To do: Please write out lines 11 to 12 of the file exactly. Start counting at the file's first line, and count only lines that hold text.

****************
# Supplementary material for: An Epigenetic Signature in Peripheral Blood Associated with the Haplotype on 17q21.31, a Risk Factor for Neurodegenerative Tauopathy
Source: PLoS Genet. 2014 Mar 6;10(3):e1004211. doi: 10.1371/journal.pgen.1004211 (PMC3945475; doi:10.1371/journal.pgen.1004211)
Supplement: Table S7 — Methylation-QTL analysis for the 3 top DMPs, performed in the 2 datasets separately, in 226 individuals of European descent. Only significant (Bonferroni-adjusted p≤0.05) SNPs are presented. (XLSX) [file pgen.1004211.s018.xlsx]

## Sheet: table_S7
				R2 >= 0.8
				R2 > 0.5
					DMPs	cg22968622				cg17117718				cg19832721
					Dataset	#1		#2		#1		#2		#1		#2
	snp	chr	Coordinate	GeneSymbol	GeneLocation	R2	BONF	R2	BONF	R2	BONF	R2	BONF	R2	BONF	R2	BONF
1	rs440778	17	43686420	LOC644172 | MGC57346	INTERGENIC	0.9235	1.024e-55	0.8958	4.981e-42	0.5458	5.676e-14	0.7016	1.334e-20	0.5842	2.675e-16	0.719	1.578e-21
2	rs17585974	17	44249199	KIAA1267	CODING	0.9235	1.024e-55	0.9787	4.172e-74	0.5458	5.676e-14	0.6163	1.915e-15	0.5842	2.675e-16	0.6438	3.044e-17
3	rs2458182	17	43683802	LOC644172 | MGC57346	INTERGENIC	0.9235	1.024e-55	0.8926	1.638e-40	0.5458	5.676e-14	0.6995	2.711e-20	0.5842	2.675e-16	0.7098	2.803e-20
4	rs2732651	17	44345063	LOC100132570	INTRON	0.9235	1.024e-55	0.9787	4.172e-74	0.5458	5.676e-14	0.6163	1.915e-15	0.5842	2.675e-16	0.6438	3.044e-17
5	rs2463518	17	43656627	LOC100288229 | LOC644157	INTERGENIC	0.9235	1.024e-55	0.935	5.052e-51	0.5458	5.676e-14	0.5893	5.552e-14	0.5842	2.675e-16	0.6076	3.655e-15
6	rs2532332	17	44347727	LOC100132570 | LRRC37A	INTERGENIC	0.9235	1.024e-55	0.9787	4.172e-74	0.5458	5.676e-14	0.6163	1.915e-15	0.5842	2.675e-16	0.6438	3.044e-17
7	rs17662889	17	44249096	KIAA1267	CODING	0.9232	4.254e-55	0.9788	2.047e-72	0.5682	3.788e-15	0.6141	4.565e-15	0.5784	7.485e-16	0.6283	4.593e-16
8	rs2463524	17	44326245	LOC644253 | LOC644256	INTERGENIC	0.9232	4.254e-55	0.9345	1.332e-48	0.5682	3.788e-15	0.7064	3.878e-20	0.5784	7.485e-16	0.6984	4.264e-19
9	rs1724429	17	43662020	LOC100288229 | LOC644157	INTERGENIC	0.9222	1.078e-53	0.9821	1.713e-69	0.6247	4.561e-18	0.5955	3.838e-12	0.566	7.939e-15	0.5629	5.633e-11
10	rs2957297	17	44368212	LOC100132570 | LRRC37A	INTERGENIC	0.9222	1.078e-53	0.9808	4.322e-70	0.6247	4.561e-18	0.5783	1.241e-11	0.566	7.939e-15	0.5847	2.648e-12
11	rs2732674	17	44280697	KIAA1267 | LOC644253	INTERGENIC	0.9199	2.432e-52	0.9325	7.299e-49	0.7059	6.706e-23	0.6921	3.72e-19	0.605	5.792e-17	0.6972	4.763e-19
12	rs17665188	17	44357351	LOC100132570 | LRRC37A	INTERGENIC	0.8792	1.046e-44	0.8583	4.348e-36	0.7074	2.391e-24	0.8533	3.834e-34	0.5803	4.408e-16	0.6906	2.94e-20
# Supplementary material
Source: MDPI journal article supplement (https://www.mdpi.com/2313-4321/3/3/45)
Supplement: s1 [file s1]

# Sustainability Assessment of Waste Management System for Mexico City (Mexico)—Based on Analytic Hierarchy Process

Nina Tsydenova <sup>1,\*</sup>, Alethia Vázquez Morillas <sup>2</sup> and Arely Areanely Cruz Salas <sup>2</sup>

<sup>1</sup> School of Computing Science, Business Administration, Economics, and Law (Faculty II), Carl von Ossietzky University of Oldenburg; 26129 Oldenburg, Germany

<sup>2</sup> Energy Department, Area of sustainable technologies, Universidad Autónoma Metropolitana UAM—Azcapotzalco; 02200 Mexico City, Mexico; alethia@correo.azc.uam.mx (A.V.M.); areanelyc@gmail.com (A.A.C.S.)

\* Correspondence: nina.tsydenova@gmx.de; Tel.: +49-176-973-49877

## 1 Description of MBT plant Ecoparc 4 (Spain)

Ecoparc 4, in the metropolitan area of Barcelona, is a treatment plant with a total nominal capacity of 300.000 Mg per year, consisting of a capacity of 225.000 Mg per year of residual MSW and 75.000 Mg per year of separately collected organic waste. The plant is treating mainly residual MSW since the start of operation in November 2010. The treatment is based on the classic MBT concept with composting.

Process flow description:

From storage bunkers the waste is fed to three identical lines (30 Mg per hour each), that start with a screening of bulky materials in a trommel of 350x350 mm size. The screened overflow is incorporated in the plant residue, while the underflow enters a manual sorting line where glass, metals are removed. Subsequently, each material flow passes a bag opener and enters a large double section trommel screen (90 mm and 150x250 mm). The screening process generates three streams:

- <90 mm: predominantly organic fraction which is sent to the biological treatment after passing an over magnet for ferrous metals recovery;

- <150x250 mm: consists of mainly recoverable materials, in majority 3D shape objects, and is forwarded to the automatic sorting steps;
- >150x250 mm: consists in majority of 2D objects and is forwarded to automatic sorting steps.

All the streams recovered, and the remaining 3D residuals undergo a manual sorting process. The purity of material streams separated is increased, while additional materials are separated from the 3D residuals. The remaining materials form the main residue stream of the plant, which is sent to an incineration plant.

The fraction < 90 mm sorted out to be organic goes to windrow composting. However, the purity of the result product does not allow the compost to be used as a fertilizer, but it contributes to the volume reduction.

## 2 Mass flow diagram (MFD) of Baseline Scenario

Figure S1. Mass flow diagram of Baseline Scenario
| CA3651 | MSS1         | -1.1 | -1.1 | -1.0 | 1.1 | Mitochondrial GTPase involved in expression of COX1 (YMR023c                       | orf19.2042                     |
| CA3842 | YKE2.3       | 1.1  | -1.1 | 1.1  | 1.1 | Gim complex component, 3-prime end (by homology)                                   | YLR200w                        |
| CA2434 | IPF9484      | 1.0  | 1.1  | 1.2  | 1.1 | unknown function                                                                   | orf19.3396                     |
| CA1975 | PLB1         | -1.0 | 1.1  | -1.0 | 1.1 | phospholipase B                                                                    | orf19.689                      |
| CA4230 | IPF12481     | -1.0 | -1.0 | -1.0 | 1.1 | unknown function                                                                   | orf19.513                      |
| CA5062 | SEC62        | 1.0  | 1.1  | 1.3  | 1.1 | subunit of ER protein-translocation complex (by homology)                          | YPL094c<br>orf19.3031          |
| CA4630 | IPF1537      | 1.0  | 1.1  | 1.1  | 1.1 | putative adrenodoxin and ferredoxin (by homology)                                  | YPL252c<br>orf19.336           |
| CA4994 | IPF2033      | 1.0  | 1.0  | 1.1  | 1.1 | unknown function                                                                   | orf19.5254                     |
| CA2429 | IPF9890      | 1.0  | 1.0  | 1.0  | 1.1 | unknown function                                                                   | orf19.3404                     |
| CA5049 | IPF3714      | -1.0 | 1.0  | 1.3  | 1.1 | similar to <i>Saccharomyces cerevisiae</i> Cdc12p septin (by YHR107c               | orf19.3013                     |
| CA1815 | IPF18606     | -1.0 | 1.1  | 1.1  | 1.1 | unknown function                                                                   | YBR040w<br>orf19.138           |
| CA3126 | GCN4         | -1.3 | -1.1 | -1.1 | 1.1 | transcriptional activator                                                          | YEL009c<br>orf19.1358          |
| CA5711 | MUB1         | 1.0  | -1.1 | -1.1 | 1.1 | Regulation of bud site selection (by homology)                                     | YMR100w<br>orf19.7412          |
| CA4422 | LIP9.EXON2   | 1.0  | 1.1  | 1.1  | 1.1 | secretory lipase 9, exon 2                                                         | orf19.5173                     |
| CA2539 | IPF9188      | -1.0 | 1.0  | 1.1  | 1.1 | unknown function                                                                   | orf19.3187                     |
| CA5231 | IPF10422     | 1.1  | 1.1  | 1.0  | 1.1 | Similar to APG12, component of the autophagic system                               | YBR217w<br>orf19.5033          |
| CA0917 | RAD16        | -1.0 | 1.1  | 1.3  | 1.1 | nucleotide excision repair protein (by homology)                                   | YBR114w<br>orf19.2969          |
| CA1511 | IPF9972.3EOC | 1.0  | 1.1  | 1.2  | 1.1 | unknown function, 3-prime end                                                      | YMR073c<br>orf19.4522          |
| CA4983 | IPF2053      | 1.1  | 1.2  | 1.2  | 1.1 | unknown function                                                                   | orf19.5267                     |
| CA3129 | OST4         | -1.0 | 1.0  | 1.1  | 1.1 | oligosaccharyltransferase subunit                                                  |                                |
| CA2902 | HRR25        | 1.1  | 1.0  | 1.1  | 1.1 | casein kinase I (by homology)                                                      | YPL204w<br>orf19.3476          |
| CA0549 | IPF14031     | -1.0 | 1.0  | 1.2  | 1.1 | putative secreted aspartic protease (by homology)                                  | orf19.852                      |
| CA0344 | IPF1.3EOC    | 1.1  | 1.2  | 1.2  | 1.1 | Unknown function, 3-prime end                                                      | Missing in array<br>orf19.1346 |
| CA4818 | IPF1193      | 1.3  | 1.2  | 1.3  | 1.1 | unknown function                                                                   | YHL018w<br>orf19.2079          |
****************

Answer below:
2	rs17585974	17	44249199	KIAA1267	CODING	0.9235	1.024e-55	0.9787	4.172e-74	0.5458	5.676e-14	0.6163	1.915e-15	0.5842	2.675e-16	0.6438	3.044e-17
3	rs2458182	17	43683802	LOC644172 | MGC57346	INTERGENIC	0.9235	1.024e-55	0.8926	1.638e-40	0.5458	5.676e-14	0.6995	2.711e-20	0.5842	2.675e-16	0.7098	2.803e-20